THE LOST CULTURE OF MARKETING

PART

2

6 STEPS TO 
EFFECTIVE
SEGMENTATION

www.experian.co.uk/lost-culture
6 steps to effective segmentation

INTRODUCTION

For every pound you spend, you have to make more than one
pound in return...
6 steps to effective segmentation

Step 3. Focus on value first
The next priority is to look at the value
of your customer...
6 steps to effective segmentation

Step 6. Actions from segmentation

Next time someone
tells you that you
need to be acqu...
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6 steps to effective segmentation guide - #LostCulture

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For every pound you spend, you have to make more than one pound in return. To do this you have to target customers who are most likely to respond, with a product or service they are likely to buy, through a media they are likely to buy from. In our guide, 6 steps to effective segmentation you’ll learn how segmentation can be used as a key tool to help you achieve your business goals.

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6 steps to effective segmentation guide - #LostCulture

  1. 1. THE LOST CULTURE OF MARKETING PART 2 6 STEPS TO EFFECTIVE SEGMENTATION www.experian.co.uk/lost-culture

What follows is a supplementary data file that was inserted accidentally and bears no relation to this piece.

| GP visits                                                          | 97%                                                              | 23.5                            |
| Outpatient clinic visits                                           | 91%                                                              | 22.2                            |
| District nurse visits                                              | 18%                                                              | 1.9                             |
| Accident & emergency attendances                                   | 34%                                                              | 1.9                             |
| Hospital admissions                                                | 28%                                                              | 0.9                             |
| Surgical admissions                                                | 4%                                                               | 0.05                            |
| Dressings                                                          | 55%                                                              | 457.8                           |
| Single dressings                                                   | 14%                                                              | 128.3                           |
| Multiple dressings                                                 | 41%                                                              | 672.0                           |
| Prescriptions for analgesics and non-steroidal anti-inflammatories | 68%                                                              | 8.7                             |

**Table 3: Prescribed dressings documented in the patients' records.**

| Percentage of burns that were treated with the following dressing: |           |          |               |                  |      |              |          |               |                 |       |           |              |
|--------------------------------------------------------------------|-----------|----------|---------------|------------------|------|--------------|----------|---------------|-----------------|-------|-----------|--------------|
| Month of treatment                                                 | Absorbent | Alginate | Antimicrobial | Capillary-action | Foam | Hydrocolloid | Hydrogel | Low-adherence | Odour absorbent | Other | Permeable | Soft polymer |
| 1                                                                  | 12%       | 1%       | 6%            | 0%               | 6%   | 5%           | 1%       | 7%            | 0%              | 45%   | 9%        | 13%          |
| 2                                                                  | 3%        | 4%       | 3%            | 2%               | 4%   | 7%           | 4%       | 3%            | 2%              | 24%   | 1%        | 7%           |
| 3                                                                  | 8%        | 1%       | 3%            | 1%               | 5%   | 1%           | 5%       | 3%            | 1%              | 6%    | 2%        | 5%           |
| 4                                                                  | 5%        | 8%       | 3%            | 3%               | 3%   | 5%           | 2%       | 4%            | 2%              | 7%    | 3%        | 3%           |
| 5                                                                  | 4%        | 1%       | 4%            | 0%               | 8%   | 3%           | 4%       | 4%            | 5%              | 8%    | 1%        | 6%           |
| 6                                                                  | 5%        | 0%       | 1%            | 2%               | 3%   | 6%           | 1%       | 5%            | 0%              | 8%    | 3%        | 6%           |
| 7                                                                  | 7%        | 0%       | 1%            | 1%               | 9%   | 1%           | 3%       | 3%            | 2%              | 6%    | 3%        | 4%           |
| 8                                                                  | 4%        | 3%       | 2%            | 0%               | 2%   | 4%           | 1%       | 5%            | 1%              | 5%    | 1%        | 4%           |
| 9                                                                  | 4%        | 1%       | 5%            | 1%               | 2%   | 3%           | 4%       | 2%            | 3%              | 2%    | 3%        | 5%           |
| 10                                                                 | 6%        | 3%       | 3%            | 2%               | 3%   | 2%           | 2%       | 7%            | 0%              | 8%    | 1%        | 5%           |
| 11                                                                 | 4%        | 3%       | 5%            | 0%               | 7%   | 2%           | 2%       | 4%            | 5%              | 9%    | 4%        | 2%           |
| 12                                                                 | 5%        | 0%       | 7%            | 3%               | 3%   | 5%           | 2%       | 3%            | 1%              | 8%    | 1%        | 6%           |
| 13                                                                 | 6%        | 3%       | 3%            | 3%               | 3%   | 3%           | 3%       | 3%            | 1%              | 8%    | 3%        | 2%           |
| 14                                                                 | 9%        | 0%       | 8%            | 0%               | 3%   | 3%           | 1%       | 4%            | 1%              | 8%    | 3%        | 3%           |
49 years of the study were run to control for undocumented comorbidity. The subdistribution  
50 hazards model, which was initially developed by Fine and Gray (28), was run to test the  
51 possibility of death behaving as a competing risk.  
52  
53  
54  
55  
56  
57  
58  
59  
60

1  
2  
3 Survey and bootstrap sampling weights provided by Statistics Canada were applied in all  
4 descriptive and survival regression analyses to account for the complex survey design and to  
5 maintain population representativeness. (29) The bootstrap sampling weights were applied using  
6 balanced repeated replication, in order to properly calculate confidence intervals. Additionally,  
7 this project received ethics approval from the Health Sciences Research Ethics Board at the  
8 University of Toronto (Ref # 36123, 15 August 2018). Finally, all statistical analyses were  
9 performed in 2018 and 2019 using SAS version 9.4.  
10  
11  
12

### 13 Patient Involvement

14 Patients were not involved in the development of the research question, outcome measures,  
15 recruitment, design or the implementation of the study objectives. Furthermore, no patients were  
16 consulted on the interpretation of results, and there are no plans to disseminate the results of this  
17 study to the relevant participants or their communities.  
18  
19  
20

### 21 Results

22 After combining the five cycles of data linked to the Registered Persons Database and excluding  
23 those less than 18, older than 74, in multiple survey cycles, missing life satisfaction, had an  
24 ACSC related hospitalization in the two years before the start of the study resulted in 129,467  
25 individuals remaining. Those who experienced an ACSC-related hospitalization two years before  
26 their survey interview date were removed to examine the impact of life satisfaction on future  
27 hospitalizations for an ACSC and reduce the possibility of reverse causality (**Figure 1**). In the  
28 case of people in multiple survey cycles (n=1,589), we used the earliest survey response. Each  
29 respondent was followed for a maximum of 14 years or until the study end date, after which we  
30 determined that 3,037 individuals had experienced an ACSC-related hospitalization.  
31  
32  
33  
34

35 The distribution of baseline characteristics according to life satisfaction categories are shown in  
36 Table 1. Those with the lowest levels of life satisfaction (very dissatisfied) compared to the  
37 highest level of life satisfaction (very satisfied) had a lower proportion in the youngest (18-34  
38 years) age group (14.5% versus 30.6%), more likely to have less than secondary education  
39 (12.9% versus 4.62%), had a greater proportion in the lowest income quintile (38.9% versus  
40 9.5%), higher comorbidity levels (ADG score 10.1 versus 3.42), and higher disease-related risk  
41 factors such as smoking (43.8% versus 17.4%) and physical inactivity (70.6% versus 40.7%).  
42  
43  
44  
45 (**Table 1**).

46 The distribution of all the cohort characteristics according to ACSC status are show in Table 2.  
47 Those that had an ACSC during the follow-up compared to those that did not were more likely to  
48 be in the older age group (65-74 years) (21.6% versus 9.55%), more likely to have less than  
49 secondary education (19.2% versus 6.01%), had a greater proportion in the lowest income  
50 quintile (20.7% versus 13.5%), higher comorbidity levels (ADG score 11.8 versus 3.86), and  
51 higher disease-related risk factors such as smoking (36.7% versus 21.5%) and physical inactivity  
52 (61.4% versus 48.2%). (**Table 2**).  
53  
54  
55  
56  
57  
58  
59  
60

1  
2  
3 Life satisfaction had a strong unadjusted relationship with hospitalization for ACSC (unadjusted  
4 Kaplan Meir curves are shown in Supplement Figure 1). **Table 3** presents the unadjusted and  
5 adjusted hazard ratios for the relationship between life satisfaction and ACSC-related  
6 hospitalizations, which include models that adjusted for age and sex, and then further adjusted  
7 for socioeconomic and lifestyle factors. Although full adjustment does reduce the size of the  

2. 2. 6 steps to effective segmentation INTRODUCTION For every pound you spend, you have to make more than one pound in return. To do this you have to target customers who are most likely to respond, with a product or service they are likely to buy, through a media they are likely to buy from. Developed and used correctly, segmentation is a key tool that can help you achieve your business goals. Put simply, segmentation is the grouping together of customers using behavioural data and statistical techniques. Step 1. Set a segmentation strategy Step 2. Start with your own customers Before you embark on any segmentation work or research, ask yourself what you want to get from segmentation: Sometimes segmentation is focused on lifestyle rather than products or services. We all know that young people like entertainment, sport, and fashion, but that doesn’t offer any insight into why they buy a certain yoghurt, drink, or mobile phone. • dentifying customer needs to I make propositions more suitable for them? • mproving customer profitability I by driving up average pricing? • Identifying new target customers? • Improving customer retention? • dentifying opportunities to grow I or gain market share? And if you already have segmentation in your business, is it working? Is it well structured? Does it reflect your product and service portfolio? Is it central to the business? Do you have implementation issues? Was it well received or met with scepticism? Learn from these experiences. So start with your own data: • erform simple data analysis P on each product and service, identifying your main types of customer and what they look like • se your transactional data and U profile your customers by type e.g. by product, channel that they buy through, longevity of relationship • ut and slice the data from C different angles to see what patterns emerge at this transactional or behavioural level • nce you have identified your main O customer groups, append lifestyle data and national geo-demographic segmentations such as Mosaic • his will add richness to your T insights into your customer groups and will start to form the basis of your segments